[OPE-L:642] Re: Forms of Tech Change(Digress)

rakesh bhandari (djones@uclink.berkeley.edu)
Sun, 3 Dec 1995 15:52:03 -0800

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I think that this finding of Robert Blecker's is relevant to the present

"...the net natinal saving rate excludes all depreciation allowances, for
corporate and non-corporate businesses as well as for households. What has
driven the net national saving rate to such pitiful levels is, aside from
the rising governent budget deficit, mainly a notable increase in
'consumption of fixed capital' as share of GDP. It is largely the rising
deprecitation rate, along with the government deficit, and not a sudden
decrease in private thriftiness that has made the net measures of the
saving rate sink so low.

"This raises the question of why the depreciation rate has risen and what,
if anything, should be done about it. Briefly, the depreciation rate has
risen for two main reasons. First, thanks to the slowdown in the growth of
current output and income...the depreciation on the existing stocks of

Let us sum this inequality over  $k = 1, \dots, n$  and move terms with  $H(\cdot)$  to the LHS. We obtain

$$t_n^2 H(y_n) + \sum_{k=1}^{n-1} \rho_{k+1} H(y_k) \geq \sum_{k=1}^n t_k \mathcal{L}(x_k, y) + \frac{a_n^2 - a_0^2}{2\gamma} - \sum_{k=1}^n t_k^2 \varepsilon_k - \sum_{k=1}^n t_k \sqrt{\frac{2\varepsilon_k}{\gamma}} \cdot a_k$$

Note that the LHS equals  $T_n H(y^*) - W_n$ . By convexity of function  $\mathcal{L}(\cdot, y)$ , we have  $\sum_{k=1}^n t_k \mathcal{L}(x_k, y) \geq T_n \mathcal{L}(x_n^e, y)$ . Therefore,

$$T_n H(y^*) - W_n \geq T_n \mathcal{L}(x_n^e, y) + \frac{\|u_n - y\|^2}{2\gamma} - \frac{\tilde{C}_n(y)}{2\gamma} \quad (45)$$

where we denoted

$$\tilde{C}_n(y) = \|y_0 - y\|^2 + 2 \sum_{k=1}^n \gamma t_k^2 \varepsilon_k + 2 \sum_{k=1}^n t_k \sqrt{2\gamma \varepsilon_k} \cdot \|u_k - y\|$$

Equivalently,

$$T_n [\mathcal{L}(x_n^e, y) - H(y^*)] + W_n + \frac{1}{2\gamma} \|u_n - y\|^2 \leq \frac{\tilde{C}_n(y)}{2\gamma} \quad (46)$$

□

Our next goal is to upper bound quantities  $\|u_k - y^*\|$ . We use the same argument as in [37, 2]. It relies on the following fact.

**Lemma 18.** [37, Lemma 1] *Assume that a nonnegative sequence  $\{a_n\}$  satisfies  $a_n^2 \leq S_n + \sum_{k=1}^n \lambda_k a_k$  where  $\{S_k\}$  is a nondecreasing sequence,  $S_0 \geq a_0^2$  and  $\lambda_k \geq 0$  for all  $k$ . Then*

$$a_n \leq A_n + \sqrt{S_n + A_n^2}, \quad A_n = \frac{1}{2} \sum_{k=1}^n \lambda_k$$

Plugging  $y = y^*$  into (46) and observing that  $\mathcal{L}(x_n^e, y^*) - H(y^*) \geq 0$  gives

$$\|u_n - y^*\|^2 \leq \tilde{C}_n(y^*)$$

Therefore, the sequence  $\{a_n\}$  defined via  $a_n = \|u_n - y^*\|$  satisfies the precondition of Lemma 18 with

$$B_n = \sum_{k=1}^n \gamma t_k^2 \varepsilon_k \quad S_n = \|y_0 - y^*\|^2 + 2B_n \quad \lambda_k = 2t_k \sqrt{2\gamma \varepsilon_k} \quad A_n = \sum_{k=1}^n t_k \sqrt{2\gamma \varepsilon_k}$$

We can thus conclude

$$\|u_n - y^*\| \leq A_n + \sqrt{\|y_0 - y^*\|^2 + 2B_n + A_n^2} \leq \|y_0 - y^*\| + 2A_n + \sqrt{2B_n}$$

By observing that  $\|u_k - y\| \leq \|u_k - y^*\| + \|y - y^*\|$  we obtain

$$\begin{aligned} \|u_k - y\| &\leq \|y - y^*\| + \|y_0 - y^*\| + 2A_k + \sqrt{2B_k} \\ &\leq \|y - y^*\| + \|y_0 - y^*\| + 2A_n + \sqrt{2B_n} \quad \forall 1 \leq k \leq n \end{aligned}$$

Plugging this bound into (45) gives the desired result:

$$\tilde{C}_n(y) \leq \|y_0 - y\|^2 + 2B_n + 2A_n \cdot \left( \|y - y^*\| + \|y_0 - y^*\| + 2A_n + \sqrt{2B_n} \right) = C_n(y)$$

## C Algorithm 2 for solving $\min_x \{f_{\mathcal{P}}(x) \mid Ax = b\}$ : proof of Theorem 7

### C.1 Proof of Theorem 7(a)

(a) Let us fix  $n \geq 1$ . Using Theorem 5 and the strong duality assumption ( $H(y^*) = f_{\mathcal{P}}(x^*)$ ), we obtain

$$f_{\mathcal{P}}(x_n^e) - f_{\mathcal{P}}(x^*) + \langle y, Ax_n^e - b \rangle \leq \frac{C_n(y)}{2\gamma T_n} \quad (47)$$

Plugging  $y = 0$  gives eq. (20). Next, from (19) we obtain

capital equipment and structures (which were created in the past, when
growth was higher) looms ever larger in proportion to current GDP. And
second, there has been a notable shift in the composition of investment
away from structures (including residential housing) to producers' durable
equipment, which has shorter economic lifetimes, and within the latter
category toward more short-lived types of equipment such as computers. In
other words, the rising depreciation rate that has depressed net savings
measures is partly a symptom of the growth slowdown, and otherwise is
mostly a reflection of changing technology.

"Theoretically, a low net saving or investment rate means that a country is
not adding much to its capital stock, beyond replacement of depreciating
buildings and equipment. But this can be misleading. Especially in the
case of producers' durable equipment, replacement investment almost
invariably takes the form of new 'vintages' of machinery embodying new
technology. For eample, no one replaces an early 1980s IBM personal
computer (PC) with an equivalent machine today. The new PCs being
purchased today have capacilities that still required much more expesnive
mainframes ten years ago--yet cost less than an original IBM PC. While
computers are an extreme case, they represent an increasing fraction of new
equipment expenditures, and the same principle holds (albeit in less
extreme fashion" for other types of equipment. For these reasons, the
hysteria based on low NET savings rate is simply misguided."

>From Understanding American Economic Decline, ed. Michael A Bernstein. CUP,
1994: 290-1